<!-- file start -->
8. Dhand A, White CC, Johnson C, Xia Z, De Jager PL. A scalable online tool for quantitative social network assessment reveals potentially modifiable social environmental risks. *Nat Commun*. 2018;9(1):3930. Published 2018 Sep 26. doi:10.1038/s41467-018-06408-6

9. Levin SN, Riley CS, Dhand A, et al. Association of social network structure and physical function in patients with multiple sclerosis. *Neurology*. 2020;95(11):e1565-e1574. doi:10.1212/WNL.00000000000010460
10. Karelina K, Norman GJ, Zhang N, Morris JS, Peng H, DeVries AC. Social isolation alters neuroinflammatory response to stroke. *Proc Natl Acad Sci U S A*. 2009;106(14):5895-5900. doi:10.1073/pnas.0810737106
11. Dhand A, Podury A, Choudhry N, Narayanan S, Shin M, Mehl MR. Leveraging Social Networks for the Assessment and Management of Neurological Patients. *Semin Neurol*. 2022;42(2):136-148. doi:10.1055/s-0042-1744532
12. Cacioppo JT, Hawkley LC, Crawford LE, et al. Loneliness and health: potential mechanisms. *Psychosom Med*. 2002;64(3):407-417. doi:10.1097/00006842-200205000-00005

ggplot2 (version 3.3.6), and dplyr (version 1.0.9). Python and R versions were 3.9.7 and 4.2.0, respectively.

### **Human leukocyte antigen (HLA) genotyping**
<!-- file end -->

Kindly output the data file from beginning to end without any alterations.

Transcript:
8. Dhand A, White CC, Johnson C, Xia Z, De Jager PL. A scalable online tool for quantitative social network assessment reveals potentially modifiable social environmental risks. *Nat Commun*. 2018;9(1):3930. Published 2018 Sep 26. doi:10.1038/s41467-018-06408-6

9. Levin SN, Riley CS, Dhand A, et al. Association of social network structure and physical function in patients with multiple sclerosis. *Neurology*. 2020;95(11):e1565-e1574. doi:10.1212/WNL.00000000000010460
10. Karelina K, Norman GJ, Zhang N, Morris JS, Peng H, DeVries AC. Social isolation alters neuroinflammatory response to stroke. *Proc Natl Acad Sci U S A*. 2009;106(14):5895-5900. doi:10.1073/pnas.0810737106
11. Dhand A, Podury A, Choudhry N, Narayanan S, Shin M, Mehl MR. Leveraging Social Networks for the Assessment and Management of Neurological Patients. *Semin Neurol*. 2022;42(2):136-148. doi:10.1055/s-0042-1744532
12. Cacioppo JT, Hawkley LC, Crawford LE, et al. Loneliness and health: potential mechanisms. *Psychosom Med*. 2002;64(3):407-417. doi:10.1097/00006842-200205000-00005

ggplot2 (version 3.3.6), and dplyr (version 1.0.9). Python and R versions were 3.9.7 and 4.2.0, respectively.

### **Human leukocyte antigen (HLA) genotyping**